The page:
Polygamy in Ireland

This week, the Supreme Court has ruled that the polygamous second marriage of a Lebanese man is not valid under Irish law, while in contrast his first marriage will be valid. Under Lebanese law a man can have up to four wives but this ruling clarifies that the Irish prohibition on polygamy, will not offer derogations for polygamous marriages entered into elsewhere. 
 
In response, Dr Ali Selim from the Islamic Cultural Centre in Ireland, has said that in relation to the debate on the legal position of polygamy in Ireland, we need “religious scholars to explain to us the situation, why this happens, when can this happen, is this permissible or what are the conditions of permissibility or impermissibility of this action.” 
 
Atheist Ireland welcomes the precedence of civil law reflected in this ruling, and rejects the idea that we need religious scholars to explain whether polygamy is legally permissible. No atheist or religious group should be facilitated with legal privileges, based on their beliefs about the existence of gods, or instructions that they may believe that gods might have prescribed. The views of religious scholars should have no more weight than those of anyone else in determining the provisions of our civil law.
 
Our civil law should be informed by human rights principles and the best available evidence. By default the law should not interfere in consensual adult relationships. However, there is evidence that in practise, polygamy can be nonconsensual and harmful to women. In General Comment 28 from 2000, the United Nations Human Rights Committee stated the following:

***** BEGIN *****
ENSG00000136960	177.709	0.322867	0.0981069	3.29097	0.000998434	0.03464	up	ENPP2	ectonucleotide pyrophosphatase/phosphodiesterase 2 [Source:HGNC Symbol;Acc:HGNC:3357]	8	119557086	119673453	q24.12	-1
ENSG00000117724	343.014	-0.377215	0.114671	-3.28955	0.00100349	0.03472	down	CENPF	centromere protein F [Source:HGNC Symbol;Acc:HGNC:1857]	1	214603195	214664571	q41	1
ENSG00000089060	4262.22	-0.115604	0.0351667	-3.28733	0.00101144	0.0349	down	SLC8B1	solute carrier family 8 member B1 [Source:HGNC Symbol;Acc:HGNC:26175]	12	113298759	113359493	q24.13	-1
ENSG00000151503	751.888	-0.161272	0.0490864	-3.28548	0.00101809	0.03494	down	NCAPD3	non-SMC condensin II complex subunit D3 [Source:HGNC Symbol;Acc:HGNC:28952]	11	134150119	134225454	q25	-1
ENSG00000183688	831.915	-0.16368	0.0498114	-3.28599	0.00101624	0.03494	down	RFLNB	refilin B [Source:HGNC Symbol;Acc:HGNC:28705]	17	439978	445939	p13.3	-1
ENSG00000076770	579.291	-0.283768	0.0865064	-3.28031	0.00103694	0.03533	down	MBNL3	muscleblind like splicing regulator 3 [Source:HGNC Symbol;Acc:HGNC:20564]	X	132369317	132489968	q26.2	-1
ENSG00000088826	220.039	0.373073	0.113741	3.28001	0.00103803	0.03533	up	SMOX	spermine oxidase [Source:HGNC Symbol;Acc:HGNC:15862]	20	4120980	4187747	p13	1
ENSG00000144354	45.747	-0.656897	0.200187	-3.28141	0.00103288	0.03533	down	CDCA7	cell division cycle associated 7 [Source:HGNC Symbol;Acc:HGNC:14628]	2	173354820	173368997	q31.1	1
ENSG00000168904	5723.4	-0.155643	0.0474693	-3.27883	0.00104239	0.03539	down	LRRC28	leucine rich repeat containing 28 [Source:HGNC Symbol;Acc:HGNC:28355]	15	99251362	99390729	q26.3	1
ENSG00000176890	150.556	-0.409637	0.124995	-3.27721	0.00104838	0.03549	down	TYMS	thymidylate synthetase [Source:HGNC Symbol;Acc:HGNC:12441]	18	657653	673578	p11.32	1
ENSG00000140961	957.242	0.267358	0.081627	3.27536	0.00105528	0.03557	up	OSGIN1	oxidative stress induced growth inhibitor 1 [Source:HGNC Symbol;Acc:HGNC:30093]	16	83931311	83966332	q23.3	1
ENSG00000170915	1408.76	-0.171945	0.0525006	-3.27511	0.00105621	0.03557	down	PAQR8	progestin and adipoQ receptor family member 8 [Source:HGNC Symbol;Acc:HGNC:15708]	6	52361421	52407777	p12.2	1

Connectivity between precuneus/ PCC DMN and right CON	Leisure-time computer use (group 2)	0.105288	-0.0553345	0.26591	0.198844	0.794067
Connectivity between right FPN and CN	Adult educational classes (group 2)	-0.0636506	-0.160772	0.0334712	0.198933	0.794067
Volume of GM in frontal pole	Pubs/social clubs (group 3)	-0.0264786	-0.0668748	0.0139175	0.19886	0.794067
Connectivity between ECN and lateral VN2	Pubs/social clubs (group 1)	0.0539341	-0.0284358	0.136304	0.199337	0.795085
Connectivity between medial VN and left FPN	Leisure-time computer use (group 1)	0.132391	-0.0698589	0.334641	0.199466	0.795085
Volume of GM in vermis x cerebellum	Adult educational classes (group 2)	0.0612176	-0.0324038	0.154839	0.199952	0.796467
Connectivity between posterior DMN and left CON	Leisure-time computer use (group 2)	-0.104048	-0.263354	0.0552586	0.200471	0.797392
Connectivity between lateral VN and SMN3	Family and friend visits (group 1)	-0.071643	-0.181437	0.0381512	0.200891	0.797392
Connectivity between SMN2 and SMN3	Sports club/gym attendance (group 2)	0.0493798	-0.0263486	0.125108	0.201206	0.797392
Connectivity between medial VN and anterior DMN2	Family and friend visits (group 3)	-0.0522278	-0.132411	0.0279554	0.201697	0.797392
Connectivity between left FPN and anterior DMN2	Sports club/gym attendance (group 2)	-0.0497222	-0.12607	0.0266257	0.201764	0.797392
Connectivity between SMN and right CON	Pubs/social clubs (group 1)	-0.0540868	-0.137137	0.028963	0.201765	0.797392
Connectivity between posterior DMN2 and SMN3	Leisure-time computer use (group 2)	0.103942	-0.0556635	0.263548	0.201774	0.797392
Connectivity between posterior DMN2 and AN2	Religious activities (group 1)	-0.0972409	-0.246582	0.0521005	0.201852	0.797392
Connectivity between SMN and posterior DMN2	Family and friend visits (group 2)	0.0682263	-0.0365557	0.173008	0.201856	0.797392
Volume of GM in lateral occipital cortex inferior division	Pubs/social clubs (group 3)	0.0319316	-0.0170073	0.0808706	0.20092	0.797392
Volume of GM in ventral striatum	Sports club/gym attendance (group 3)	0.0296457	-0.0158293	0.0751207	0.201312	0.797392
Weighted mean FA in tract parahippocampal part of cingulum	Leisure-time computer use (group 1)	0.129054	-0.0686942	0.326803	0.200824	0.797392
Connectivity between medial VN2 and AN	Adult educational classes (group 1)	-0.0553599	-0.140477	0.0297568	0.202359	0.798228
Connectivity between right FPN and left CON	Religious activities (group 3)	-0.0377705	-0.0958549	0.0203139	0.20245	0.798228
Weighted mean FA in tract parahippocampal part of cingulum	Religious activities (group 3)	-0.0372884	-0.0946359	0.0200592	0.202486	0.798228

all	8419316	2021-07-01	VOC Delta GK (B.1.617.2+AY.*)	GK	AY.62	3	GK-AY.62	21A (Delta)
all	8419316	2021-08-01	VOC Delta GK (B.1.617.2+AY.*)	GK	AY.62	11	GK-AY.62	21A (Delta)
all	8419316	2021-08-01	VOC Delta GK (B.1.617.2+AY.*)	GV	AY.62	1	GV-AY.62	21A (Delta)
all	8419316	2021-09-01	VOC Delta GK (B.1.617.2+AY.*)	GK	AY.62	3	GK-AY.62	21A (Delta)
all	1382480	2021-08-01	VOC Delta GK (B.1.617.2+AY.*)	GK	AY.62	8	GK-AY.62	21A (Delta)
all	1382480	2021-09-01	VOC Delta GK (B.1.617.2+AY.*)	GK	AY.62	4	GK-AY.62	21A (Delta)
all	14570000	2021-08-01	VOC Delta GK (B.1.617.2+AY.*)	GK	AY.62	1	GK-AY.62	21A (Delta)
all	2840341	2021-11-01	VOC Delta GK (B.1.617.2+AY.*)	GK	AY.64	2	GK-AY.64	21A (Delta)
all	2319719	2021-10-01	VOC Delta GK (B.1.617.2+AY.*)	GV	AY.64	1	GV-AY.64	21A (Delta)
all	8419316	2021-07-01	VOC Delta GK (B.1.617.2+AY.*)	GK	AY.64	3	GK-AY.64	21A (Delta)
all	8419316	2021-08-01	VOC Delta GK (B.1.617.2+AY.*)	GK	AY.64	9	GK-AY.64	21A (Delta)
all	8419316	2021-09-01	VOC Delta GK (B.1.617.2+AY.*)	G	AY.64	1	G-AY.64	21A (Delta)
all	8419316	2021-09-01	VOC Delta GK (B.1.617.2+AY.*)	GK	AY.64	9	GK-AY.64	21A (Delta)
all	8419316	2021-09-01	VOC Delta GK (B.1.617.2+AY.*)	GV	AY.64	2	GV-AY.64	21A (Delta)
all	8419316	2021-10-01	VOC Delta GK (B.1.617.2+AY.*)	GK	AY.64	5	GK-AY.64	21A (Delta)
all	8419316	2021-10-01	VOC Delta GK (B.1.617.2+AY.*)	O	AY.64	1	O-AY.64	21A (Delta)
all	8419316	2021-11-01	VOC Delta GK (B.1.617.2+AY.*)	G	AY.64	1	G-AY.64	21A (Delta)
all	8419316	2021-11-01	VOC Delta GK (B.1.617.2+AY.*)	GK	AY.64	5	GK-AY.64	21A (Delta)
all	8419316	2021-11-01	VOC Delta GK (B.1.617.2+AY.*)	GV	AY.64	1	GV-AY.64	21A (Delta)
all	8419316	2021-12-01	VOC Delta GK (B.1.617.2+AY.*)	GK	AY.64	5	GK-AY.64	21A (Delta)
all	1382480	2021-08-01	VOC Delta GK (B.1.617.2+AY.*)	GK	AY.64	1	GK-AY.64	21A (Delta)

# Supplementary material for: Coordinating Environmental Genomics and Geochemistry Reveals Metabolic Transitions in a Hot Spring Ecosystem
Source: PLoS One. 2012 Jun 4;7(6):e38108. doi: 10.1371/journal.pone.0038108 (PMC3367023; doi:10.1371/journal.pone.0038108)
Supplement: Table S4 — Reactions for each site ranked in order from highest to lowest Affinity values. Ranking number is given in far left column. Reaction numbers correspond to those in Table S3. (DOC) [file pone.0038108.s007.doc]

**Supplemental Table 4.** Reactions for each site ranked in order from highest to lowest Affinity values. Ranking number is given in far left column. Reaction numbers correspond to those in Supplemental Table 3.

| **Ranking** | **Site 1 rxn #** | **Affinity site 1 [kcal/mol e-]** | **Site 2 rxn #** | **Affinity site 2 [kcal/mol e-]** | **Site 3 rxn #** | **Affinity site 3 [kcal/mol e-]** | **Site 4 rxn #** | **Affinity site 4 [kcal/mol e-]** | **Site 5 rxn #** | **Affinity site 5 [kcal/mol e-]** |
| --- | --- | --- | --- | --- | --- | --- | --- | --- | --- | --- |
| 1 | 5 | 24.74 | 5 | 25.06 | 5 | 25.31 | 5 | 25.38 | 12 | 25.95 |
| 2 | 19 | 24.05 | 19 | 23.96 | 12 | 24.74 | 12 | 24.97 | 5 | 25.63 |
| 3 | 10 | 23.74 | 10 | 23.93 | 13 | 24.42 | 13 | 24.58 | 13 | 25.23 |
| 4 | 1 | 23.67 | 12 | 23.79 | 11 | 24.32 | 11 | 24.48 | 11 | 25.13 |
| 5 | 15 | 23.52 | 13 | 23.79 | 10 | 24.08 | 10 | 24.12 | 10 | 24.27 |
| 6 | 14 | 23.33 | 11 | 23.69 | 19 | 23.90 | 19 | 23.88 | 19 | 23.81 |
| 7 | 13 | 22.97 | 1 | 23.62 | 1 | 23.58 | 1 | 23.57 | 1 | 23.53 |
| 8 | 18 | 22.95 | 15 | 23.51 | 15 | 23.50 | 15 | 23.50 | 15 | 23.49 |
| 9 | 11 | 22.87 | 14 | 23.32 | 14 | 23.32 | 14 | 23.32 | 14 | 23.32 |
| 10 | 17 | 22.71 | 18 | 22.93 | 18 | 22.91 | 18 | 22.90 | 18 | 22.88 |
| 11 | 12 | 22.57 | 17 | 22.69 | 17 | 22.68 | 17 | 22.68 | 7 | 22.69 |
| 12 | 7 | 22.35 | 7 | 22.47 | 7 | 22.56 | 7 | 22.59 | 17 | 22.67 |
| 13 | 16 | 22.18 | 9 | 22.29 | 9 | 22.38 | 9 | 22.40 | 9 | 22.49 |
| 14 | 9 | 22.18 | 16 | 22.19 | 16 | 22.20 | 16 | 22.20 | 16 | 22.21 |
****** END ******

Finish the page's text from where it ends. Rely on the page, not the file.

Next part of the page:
“… the right to choose one’s spouse may be restricted by laws or practices that prevent the marriage of a woman of a particular religion to a man who professes no religion or a different religion. States should provide information on these laws and practices and on the measures taken to abolish the laws and eradicate the practices which undermine the right of women to marry only when they have given free and full consent. It should also be noted that equality of treatment with regard to the right to marry implies that polygamy is incompatible with this principle. Polygamy violates the dignity of women. It is an inadmissible discrimination against women. Consequently, it should be definitely abolished wherever it continues to exist.”
Atheist Ireland will continue to promote an ethical and secular State, based on Human Rights, which applies the same laws to all citizens irrespective of their religious or non-religious beliefs.
John Hamill

1 Comment

  1. Avatar
    PaulG June 17, 2017

    “polygamy can be nonconsensual and harmful to women.”
    Monogamous marriage can also be nonconsensual and harmful to women.

    Reply

Leave reply

Your email address will not be published. Required fields are marked *

Atheist Ireland